Gifts in a Black Box
You know, December really was a busy month.
(I’ll pause for giggles, raised eyebrows or eye-rolling at my sweeping understatement.)
Like most families, we fling ourselves into the holiday season at Thanksgiving and begin a four-week run of various celebrations, including two children’s birthdays in the first week of December. (Add two pre-Christmas family celebrations and a four-day road trip to Ohio and that explains why my holiday cards might arrive by Feb. 1).
Back in September, I decided to add some mileage to this holiday marathon by joining the cast of “Holiday Road,” a musical theatre workshop produced by Ballet Austin’s community school. For 12 weeks, nearly 60 dancers, singers and actors rehearsed for two hours a week, culminating in two performances that were smack in the middle of the holiday season: Dec. 12 and 13.
“Holiday Road,” written by Danny Herman and Rocker Verastique, tells the story of a family road trip from Austin, Texas, to Christmas, Michigan, via Louisiana, Mississippi, Missouri, Indiana (don’t look at a map), and Minnesota. The family loses its way both emotionally and geographically. But the holiday spirit brings them together in the end, when they rescue a bus full of stranded schoolchildren during a fierce Minnesota blizzard.
From Dec. 4 to Dec. 13, I spent part of every day in class, rehearsal or performance. I’m no triple threat, but this show required me to sing, dance and act. I played Mrs. Peabody, a loving but stressed out assistant principal who imagines herself the Holiday Cheer Leader, in charge of everyone’s seasonal spirits. I’m also a chorus gal, so I donned reindeer antlers and pranced behind a powerful young singer playing Taylor Swift singing "Reindeer Boogie” in a Branson, Mo. holiday TV special. I strapped jingle bells on my wrists for a rock’n’roll revue in Santa Claus, Ind., and learned some hula to sing “Mele Kalikimaka” at the Mall of America in Minneapolis. In the show’s climax, I helped lead a school bus full of freezing children as we danced and shook to stay warm in “Whole Lotta Shakin’ Going On.”
After “Holiday Road” finished its two-day run, I returned to home life and work, and I found myself wondering about my time-consuming hobby. I spent 24 hours in rehearsal and in performance, I could have been addressing Christmas cards. Baking six kinds of Christmas cookies. Or sipping cocktails at holiday parties. But instead, I was cursing fishnet tights, counting triple lindys or contemplating the inflection of my opening line: “Boys, stop RUNNING!” Out of the theatre -- out of the black box -- I kept blinking, figuratively, at the light shining on my “normal” life, and asking “What was I doing in there, in that box?”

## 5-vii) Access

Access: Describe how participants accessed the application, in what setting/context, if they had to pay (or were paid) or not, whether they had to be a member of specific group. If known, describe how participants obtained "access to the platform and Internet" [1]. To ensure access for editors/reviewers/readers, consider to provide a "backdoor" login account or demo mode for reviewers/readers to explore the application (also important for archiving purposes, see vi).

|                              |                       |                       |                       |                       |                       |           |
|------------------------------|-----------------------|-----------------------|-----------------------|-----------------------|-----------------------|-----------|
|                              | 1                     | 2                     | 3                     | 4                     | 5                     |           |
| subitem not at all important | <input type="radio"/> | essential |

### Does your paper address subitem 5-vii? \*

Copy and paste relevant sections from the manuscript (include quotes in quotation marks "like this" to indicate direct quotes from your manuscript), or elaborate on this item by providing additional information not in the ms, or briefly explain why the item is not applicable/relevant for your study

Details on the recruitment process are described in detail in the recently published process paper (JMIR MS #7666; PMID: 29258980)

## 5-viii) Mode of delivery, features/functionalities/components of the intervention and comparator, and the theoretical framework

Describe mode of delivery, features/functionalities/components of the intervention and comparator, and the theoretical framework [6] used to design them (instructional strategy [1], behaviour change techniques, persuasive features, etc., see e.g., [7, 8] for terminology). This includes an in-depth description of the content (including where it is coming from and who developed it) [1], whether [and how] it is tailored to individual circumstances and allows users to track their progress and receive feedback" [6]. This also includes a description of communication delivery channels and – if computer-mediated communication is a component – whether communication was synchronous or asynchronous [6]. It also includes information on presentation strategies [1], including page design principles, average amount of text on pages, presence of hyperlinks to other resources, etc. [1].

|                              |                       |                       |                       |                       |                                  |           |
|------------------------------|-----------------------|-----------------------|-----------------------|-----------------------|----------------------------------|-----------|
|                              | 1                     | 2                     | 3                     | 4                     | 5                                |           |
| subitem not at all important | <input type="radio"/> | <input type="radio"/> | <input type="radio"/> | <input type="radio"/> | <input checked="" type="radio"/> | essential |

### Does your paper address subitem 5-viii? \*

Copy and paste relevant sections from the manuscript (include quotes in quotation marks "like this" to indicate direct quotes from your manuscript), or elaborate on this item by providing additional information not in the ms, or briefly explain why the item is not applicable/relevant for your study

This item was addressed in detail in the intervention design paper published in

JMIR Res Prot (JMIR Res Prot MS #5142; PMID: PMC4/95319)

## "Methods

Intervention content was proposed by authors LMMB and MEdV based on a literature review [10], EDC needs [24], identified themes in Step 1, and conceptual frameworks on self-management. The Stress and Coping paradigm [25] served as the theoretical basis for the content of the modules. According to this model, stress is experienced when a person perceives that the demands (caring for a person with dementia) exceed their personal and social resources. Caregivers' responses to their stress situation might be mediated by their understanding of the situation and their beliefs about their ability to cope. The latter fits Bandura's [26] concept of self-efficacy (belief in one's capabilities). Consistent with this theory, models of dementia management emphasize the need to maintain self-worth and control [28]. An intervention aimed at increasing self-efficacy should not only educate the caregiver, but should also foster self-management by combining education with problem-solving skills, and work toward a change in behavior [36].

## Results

Well, I was having a hell of a lot of fun. That’s a pretty good reason. But I found more.
Being part of a cast and a giving a live performance invigorates values that are important to me, such as commitment, personal responsibility, trust, creativity, friendship and leadership. I called on every one of those during that 12-week workshop, especially in the last week. The black box turned a spotlight on those values and the light did not discriminate: it illuminated all parts of my life and found some hiding places. I welcomed their familiarity.
And then there was a newcomer.
It happened when, after a particularly stressful rehearsal marked by confusion, timidity and indecision, our director declared: “I didn’t have a career in New York because I was talented. I had a career because I was BRAVE.”
In that second, I Got It.
At the heart of bravery is judgment. No matter the venue – theatre, classroom, courtroom or conference room – being brave means making decisions about who you are, why you are there and what you are doing. Bravery is essential to creativity and arguably more important than confidence. On stage, it might make the difference between being believable and memorable -- or ignorable. To be charged with bravery is to be given permission to make decisions -- even wrong ones. When I Got It, I was thinking about how to be brave on stage and how it would help me give a better performance.
I realized the following week, that it was also a lovely Christmas present.
As someone who struggles to keep fear and perfectionism in their place, I seized this gift with my mind, body and heart, and I am keeping it there.
Because it doesn’t fit in my baggage, and it doesn’t need to stay in a black box.
2010-Laura Bond Williams. All rights reserved.